Bacterial communities associated with host-adapted populations of pea aphids revealed by deep sequencing of 16S ribosomal DNA.

Gauthier JP, Outreman Y, Mieuzet L, Simon JC - PLoS ONE (2015)

Number of 16S rDNA reads in Log(10) for the 21 bacterial taxa detected in nine plant-specialized biotypes of the pea aphid, Acyrthosiphon pisum.*obligatory symbiont and **facultative symbionts.
© Copyright Policy
Related In: Results  -  Collection

License
Show All Figures
getmorefigures.php?uid=PMC4373712&req=5

pone.0120664.g001: Number of 16S rDNA reads in Log(10) for the 21 bacterial taxa detected in nine plant-specialized biotypes of the pea aphid, Acyrthosiphon pisum.*obligatory symbiont and **facultative symbionts.
Mentions: Following our selection steps on sequence quality, size and redundancy between PCR replicates, 138,539 sequences were obtained, with a mean of 11,545 reads per sample. Overall, these sequence reads were classified into 21 Operational Taxonomic Units (OTUs). However, only 13 OTUs had a frequency exceeding 0.1% (i.e. approx. 140 reads) among which 3 OTUs represented more than 94% of the sequences. The classification from Greengenes database resulted in 21 unique bacterial genera that belonged to 4 phyla, 6 classes, 8 orders and 14 families (S3 Table). The Proteobacteria represented 51% of these classified bacteria, with the Alphaproteobacteria and the Gammaproteobacteria being the commonest taxa with 25% and 26%, respectively. Among the 138,539 sequences of 400–430 bp, 98% were assigned to bacterial taxa already reported as heritable symbionts of aphids. Spiroplasma was the most represented taxon in number of sequences (48%) followed by Rickettsia (25%) and Buchnera (21%). The frequencies of the other pea aphid symbionts were <2% (Fig 1). We confirmed the presence of Wolbachia, which was recently reported in North American A. pisum by [14], in two pea aphid samples (total frequency of 0.15%). Apart from these symbionts, 454 sequencing detected other bacteria not known to be heritable in arthropods, although most did not exceed 0.1% of sequence reads. Among those with frequencies above 0.1% were Erwinia, Pantoea, Propionibacterium and Ralstonia, each being found in multiple populations and for a total of more than 150 reads each. Erwinia and Pantoea have been described as aphid gut associates [32, 33]. Ralstonia encompass several soil borne plant pathogens that could be ingested or vectorized by aphids. Propionibacterium are usually found in the skin of humans and other animals and their occurrence in our 454 reads may represent contaminants from human handling. Bacterial taxa with read abundance below 0.1% were either plant associates such as Rhizobium and Xanthomonas or environmental/contaminant bacteria.

Bottom Line: Associations between microbes and animals are ubiquitous and hosts may benefit from harbouring microbial communities through improved resource exploitation or resistance to environmental stress.The presence of Wolbachia was confirmed in A. pisum while Erwinia and Pantoea, two gut associates, were detected in multiple samples.Bacterial communities differed more between than within biotypes but this difference did not correlate with the genetic divergence between biotypes.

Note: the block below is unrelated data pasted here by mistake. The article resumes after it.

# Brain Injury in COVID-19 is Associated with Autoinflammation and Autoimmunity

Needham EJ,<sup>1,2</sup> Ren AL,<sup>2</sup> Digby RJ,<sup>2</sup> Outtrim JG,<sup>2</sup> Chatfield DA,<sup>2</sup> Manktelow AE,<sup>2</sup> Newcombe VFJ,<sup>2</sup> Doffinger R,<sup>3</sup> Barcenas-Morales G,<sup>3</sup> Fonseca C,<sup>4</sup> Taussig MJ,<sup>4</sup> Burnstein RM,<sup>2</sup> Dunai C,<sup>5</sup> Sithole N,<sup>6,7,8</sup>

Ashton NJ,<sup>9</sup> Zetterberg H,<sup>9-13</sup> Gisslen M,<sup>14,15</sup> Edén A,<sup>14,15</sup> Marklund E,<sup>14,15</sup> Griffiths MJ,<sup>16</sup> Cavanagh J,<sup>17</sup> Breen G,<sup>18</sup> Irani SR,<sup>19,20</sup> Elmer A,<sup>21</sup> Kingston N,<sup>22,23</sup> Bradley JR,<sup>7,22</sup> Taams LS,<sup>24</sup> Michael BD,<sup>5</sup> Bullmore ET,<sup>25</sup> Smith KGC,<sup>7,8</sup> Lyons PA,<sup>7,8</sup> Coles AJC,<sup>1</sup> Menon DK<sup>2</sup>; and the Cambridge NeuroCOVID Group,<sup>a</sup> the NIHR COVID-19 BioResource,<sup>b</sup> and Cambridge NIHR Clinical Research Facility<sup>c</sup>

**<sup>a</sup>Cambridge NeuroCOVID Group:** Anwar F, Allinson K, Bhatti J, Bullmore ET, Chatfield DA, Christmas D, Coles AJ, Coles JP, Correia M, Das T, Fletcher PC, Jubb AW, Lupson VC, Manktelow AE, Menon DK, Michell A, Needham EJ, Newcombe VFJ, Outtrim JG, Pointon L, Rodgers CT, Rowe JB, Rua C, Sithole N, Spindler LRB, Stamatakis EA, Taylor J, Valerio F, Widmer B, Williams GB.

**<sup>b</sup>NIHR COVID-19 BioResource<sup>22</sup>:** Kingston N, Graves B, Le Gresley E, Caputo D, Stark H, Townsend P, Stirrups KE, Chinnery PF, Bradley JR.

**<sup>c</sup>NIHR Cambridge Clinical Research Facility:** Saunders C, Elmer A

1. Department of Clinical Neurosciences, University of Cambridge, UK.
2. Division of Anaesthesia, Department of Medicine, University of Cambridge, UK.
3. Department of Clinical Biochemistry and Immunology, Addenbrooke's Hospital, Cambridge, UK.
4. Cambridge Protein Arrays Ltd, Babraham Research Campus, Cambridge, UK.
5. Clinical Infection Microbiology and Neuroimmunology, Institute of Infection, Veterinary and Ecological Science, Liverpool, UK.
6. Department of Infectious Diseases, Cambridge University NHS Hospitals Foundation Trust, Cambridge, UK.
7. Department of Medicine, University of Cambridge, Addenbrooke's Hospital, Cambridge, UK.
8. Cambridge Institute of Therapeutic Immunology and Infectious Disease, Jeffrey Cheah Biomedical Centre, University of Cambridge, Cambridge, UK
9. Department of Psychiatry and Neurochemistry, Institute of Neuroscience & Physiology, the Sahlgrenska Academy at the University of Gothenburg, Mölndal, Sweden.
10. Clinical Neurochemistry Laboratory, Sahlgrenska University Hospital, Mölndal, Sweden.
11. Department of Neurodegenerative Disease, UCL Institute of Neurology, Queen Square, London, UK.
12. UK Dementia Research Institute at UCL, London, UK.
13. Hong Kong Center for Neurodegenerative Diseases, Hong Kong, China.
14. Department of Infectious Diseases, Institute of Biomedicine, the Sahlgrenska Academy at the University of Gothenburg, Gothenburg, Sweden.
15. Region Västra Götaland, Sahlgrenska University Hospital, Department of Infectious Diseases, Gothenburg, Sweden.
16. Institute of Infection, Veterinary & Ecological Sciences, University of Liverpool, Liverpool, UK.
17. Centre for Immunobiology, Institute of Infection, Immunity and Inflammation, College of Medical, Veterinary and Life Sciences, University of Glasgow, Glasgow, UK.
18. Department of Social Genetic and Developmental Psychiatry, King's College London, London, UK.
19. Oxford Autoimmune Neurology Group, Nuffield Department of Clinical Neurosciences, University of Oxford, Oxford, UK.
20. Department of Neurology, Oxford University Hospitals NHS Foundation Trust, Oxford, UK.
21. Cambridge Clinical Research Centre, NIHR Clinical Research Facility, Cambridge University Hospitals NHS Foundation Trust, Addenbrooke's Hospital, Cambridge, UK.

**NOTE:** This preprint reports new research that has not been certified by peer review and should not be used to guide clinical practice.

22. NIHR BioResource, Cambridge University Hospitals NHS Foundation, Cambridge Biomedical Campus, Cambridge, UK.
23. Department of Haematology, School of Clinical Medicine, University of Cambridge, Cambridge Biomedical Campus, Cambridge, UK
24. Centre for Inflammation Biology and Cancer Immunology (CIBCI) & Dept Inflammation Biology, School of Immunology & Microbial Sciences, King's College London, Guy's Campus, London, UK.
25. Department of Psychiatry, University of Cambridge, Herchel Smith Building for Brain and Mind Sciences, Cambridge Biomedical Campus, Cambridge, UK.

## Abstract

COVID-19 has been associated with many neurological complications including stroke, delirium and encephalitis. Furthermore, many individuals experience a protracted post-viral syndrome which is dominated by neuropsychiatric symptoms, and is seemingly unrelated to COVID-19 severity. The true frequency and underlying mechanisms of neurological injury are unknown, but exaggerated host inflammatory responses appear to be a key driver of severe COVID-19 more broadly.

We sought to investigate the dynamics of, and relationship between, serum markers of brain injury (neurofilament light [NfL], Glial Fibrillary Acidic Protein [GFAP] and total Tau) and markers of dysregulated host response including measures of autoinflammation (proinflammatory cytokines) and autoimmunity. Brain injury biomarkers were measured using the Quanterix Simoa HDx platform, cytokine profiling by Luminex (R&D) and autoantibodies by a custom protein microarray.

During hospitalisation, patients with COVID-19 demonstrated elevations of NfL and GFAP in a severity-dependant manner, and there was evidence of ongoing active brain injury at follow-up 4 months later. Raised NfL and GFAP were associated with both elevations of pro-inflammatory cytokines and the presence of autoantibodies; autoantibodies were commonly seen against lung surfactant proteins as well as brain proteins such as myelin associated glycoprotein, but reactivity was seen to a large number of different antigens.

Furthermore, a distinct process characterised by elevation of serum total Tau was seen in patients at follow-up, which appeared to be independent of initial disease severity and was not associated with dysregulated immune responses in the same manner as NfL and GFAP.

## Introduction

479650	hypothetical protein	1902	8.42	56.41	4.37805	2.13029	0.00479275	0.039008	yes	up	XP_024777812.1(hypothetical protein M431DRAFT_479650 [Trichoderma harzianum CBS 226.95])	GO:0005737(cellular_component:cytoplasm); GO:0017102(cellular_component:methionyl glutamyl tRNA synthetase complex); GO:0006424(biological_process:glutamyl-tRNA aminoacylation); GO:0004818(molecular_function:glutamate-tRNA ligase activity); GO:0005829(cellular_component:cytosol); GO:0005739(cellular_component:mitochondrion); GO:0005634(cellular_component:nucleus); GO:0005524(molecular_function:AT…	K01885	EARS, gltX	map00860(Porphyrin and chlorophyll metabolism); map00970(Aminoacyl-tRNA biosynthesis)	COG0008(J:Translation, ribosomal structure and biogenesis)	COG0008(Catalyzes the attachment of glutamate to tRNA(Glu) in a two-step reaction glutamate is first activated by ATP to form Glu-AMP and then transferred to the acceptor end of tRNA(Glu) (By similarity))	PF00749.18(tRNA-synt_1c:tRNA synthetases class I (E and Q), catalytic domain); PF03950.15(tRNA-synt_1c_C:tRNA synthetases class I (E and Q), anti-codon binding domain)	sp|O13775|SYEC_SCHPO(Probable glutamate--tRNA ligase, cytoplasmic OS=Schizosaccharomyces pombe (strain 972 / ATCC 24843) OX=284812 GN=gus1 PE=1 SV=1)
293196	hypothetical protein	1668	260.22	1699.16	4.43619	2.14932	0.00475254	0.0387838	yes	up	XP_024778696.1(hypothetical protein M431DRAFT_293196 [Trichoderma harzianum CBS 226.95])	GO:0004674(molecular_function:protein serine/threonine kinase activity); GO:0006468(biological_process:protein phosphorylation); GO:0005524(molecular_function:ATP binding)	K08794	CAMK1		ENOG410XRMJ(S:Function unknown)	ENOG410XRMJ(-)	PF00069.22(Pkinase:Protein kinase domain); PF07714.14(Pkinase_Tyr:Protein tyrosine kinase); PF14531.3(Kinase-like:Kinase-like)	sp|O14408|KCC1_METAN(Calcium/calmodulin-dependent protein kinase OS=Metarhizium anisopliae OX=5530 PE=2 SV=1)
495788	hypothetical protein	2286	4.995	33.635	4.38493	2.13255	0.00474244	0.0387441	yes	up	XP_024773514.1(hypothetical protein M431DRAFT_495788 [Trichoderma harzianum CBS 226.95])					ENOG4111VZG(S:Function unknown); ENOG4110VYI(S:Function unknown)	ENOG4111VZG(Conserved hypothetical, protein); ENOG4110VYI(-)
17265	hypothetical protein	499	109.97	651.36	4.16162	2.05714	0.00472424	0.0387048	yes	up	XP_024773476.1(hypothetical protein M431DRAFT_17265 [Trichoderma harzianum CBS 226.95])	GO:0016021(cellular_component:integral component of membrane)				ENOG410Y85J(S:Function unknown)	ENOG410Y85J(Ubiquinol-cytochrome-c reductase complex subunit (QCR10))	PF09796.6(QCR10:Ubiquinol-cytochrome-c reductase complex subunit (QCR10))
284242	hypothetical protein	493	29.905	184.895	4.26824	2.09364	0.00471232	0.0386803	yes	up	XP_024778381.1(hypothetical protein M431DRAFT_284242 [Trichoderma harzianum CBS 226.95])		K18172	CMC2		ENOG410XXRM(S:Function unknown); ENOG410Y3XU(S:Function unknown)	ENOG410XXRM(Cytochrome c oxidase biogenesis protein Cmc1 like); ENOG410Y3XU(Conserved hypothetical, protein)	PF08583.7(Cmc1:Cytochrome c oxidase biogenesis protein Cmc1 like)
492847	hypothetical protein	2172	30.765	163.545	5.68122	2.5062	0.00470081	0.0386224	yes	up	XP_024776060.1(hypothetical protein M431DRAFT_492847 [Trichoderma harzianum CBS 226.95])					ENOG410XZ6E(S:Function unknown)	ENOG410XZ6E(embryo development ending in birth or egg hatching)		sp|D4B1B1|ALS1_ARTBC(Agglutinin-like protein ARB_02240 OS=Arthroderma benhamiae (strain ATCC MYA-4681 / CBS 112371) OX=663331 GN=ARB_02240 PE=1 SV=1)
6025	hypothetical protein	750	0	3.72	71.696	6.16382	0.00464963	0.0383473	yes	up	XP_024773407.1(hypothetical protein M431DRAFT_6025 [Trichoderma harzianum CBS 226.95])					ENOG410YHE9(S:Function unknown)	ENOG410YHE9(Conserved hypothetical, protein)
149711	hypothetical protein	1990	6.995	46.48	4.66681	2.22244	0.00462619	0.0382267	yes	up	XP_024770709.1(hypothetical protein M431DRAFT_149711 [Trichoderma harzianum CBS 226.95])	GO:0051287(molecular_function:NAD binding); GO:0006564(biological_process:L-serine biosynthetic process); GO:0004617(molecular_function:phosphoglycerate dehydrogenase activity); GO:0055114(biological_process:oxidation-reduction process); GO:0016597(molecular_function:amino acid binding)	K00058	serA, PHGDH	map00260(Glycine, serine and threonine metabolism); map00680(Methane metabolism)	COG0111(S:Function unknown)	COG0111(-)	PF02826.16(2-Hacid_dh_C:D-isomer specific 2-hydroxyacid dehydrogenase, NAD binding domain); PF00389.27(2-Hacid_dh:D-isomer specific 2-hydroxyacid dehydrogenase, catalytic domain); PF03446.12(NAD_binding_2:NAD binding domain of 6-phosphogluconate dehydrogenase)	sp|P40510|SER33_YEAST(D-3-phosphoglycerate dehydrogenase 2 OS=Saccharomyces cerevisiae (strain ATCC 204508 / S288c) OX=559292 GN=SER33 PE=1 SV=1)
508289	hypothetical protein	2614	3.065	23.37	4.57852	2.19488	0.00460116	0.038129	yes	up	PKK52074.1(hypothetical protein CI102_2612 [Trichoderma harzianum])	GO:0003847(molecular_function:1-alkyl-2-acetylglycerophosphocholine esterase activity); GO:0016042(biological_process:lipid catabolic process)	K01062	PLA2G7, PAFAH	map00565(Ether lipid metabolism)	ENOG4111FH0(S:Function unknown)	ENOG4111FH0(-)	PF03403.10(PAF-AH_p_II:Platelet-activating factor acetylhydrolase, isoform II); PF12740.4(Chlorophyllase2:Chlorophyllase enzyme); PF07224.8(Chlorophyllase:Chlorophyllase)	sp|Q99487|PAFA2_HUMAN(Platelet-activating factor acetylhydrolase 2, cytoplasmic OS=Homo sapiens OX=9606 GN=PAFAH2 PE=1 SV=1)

View Article: PubMed Central - PubMed

Affiliation: INRA, UMR 1349 IGEPP "Institut de Génétique, Environnement et Protection des Plantes", 35653, Le Rheu, France.

ABSTRACT
Associations between microbes and animals are ubiquitous and hosts may benefit from harbouring microbial communities through improved resource exploitation or resistance to environmental stress. The pea aphid, Acyrthosiphon pisum, is the host of heritable bacterial symbionts, including the obligate endosymbiont Buchnera aphidicola and several facultative symbionts. While obligate symbionts supply aphids with key nutrients, facultative symbionts influence their hosts in many ways such as protection against natural enemies, heat tolerance, color change and reproduction alteration. The pea aphid also encompasses multiple plant-specialized biotypes, each adapted to one or a few legume species. Facultative symbiont communities differ strongly between biotypes, although bacterial involvement in plant specialization is uncertain. Here, we analyse the diversity of bacterial communities associated with nine biotypes of the pea aphid complex using amplicon pyrosequencing of 16S rRNA genes. Combined clustering and phylogenetic analyses of 16S sequences allowed identifying 21 bacterial OTUs (Operational Taxonomic Unit). More than 98% of the sequencing reads were assigned to known pea aphid symbionts. The presence of Wolbachia was confirmed in A. pisum while Erwinia and Pantoea, two gut associates, were detected in multiple samples. The diversity of bacterial communities harboured by pea aphid biotypes was very low, ranging from 3 to 11 OTUs across samples. Bacterial communities differed more between than within biotypes but this difference did not correlate with the genetic divergence between biotypes. Altogether, these results confirm that the aphid microbiota is dominated by a few heritable symbionts and that plant specialization is an important structuring factor of bacterial communities associated with the pea aphid complex. However, since we examined the microbiota of aphid samples kept a few generations in controlled conditions, it may be that bacterial diversity was underestimated due to the possible loss of environmental or transient taxa.

No MeSH data available.


Related in: MedlinePlus